University of Illinois ag economist Darrel Good is currently suggesting that now may be a good time to consider some soybean sales of the 2017/18 crop! Why? With corn prices likely having a tough time getting back to $4/bushel on the Chicago board, and demand for soybeans growing faster than corn’s demand, we may see even more acres of the oilseed in 2017 get planted in America. It’s not a bad idea, but it may be a bit of a premature call in my opinion as any hiccups in South American production could help create a decent rally.
One thing that could pressure both corn and soybean prices is China’s ag policy reforms as they’re trying to rid themselves of their ridiculously-large stockpiles, while also subsidizing more soybean acres. Between removing the minimum price support program for corn and holding weekly auctions, it’s becoming tougher and tougher for imports in the form of DDGS or soymeal to compete with the cheapest domestically-priced corn in the past decade (down 12% since the price support was removed in late March to $208 USD / MT).
While we know from last weeks’ USDA stocks report that there’s still a lot of wheat available in the U.S., on an export basis both American and Canadian wheat are having to compete with the Black Sea as their record crop is making things tougher on the international trade. Russian-origin wheat continues to win most Egyptian business these days, but it is also displacing North American, European, and Australian wheat in markets like Nigeria, Bangladesh, and Indonesia.
While U.S. wheat is starting to pile up outside of elevators, corn is next as big yields continue to be produced. Specifically, for those areas in the western corn belt that are getting combined, big yields continue to be reported with 240-250 bu/ac corn and 65-70 bu/ac soybeans. At the current levels, soybeans are profitable for most farmers so one could expect corn to win the war of storage on the farm in the US, with beans getting sold off the combine.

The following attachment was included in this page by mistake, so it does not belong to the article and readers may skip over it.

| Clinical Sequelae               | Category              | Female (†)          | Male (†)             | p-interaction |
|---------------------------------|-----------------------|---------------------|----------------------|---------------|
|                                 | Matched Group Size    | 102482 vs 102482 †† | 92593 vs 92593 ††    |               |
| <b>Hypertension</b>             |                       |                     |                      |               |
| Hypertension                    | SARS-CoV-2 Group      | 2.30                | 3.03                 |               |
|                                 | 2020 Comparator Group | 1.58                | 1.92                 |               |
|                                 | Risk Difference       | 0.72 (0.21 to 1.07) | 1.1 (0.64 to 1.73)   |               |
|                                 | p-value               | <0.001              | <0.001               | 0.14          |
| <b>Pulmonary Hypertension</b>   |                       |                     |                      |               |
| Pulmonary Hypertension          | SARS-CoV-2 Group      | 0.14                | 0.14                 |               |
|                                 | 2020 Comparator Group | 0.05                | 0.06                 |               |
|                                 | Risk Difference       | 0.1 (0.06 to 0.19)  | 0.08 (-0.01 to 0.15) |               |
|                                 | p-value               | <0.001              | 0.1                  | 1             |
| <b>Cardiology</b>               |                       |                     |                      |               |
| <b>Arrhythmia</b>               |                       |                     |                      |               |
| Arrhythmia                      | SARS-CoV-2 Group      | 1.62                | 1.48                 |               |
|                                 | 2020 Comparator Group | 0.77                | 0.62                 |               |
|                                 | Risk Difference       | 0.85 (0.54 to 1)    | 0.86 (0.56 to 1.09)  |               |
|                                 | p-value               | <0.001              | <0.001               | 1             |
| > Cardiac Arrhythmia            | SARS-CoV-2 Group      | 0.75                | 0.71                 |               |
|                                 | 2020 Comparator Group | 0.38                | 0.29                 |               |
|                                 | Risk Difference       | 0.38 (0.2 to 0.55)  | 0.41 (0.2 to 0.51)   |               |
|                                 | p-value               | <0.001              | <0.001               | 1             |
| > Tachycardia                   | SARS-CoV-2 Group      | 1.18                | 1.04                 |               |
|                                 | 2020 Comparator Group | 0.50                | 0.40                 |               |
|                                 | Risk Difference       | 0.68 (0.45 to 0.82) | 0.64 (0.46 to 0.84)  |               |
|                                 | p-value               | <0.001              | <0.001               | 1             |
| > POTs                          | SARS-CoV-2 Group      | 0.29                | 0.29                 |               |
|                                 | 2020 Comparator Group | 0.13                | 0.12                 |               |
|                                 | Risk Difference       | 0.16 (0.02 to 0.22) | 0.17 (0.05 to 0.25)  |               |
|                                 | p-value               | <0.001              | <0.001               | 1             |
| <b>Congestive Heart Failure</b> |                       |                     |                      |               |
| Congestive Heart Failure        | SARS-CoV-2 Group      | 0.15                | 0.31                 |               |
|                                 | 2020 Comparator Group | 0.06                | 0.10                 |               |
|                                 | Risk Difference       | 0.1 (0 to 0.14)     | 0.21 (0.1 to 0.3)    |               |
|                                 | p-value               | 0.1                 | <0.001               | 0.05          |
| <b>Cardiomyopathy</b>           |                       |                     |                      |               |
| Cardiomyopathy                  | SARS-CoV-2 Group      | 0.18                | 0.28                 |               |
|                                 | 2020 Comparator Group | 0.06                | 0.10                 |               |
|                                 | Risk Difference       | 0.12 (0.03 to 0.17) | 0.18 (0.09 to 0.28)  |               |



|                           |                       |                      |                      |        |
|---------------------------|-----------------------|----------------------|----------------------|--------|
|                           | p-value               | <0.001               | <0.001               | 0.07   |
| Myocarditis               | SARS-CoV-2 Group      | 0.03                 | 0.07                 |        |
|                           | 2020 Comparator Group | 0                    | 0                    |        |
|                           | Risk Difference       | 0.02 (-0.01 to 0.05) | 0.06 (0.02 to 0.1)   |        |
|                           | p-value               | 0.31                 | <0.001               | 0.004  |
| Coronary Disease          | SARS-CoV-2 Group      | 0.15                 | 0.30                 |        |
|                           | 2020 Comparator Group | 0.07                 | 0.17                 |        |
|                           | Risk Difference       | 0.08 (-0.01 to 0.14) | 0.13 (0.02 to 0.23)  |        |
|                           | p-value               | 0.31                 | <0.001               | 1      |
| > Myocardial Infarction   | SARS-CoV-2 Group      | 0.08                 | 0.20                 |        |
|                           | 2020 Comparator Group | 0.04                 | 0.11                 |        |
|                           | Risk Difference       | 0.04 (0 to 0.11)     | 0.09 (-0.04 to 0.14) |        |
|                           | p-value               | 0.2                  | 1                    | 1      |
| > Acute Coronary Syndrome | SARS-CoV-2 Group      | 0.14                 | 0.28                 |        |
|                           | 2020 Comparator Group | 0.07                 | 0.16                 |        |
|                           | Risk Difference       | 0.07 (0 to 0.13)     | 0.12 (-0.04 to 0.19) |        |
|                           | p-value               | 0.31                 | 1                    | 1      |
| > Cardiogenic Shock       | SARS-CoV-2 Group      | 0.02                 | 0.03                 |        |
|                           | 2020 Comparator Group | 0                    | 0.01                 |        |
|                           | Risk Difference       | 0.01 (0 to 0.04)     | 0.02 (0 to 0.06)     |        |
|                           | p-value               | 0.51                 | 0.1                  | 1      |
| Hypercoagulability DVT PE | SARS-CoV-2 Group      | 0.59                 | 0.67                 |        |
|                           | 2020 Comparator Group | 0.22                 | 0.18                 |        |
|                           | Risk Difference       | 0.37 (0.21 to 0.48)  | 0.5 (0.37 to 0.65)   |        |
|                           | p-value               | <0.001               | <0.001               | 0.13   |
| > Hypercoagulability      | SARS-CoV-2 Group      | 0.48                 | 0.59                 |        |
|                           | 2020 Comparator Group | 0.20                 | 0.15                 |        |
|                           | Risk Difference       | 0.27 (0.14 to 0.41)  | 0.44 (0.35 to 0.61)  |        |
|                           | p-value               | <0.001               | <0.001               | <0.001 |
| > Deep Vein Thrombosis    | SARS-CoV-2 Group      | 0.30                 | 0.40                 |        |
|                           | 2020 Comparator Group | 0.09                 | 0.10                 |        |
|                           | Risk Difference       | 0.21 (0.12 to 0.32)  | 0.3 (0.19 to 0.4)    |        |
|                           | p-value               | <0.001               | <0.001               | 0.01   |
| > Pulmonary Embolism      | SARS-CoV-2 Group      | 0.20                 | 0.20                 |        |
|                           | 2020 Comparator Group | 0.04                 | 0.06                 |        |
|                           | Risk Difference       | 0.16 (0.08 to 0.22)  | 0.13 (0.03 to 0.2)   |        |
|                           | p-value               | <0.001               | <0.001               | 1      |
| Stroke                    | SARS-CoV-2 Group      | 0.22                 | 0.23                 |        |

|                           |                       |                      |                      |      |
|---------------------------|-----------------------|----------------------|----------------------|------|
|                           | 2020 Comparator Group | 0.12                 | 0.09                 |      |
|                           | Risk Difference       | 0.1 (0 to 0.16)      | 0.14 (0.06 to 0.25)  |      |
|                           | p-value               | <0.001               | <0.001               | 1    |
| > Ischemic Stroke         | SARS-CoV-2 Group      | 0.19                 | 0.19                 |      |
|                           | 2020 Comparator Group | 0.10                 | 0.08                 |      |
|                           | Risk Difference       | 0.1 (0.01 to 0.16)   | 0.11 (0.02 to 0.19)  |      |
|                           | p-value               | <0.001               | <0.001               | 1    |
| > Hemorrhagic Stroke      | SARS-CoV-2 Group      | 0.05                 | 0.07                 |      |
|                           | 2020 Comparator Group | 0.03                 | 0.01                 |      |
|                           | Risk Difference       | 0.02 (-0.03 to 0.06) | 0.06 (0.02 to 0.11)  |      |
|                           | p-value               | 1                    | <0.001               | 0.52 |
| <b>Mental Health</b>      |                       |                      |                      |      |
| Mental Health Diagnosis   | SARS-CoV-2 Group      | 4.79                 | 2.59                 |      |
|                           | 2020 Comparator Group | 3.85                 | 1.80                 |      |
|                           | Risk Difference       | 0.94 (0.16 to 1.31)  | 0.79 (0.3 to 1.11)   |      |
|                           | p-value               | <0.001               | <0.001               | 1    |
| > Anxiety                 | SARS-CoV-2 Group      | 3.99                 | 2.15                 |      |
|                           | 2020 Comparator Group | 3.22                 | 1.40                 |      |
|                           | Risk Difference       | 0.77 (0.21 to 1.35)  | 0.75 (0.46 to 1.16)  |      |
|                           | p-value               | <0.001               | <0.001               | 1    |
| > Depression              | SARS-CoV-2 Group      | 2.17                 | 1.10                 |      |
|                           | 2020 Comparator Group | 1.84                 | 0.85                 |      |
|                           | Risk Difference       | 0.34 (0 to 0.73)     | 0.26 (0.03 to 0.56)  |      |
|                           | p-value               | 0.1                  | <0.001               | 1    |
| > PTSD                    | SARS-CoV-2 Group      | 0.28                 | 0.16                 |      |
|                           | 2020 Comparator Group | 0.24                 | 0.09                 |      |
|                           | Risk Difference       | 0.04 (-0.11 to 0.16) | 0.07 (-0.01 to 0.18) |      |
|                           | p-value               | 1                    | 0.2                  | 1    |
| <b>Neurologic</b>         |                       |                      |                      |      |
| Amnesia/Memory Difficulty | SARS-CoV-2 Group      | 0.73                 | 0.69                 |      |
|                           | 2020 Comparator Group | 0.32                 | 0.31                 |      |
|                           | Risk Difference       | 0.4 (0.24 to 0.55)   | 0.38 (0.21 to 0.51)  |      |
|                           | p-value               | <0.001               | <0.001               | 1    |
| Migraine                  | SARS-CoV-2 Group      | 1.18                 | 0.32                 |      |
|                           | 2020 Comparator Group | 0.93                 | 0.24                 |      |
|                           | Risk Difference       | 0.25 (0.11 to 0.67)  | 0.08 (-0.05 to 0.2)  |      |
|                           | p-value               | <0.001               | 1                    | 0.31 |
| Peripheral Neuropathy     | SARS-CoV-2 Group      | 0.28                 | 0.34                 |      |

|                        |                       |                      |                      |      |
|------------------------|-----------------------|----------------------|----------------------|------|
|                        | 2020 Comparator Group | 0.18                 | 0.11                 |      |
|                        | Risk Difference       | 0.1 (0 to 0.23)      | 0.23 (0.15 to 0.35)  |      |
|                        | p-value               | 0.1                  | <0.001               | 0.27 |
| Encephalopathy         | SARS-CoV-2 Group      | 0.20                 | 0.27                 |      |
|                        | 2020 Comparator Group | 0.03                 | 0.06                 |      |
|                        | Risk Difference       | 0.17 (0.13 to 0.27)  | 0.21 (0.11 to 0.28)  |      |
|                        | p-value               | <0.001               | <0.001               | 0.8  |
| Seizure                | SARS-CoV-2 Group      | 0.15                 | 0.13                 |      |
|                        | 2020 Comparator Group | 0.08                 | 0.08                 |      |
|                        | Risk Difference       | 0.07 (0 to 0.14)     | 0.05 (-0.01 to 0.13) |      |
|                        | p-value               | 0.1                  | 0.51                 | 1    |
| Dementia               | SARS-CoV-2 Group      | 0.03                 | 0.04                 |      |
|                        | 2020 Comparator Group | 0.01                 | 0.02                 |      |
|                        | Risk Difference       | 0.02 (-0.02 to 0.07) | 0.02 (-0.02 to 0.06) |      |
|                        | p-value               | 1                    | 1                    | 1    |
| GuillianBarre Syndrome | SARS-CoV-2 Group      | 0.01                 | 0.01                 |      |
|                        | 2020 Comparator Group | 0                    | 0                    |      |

On the pulse crop front, we’ve seen lentils bids rebound a bit thanks to better understanding of this year’s crop’s quality, as well as some renewed overseas interest. However, pressuring the peas market is a very strong start to the Australian chickpea harvest, especially in #1 producing state Queensland where yields are 60% above the average at 37 bushels per acre. While there are some question marks about production in southern Aussie states because of weather issues, production estimates for the chickpea crop in the Land Down Undaa average around 1.3 million tonnes (about a 1/3 bigger than last year’s crop).
The wet, snowy weather that was received by the Western Canadian provinces this week still leaves a fair amount of crop in the field. Specifically, in Saskatchewan, per the most recent crop report, at least 1.4 million acres of spring wheat, 1.25 million acres of durum, and 2.5 million acres of canola have yet to be combined. Digging a bit deeper, only 10% of this year’s Saskatchewan crop harvested this far has graded #1 CW with 50% grading #2, but about a 1/3 of the crop going as #3 or feed, mainly because of disease.
With some late rains and now snow putting pressure on the North American crop, money signs seem to be getting painted on wheat bins of decent quality. Chatter of $6 USD and $8 CAD per bushel wheat has already started but I think it’s overblown right now. Between the carryout from last year and relatively big yields this year that still likely produced a proportionally-large amount, there will be lots of resistance against a major wheat rally. That being said, our call continues to look to contract lower-quality product (post on FarmLead today!) while holding onto the #1s and #2s in your bin yard.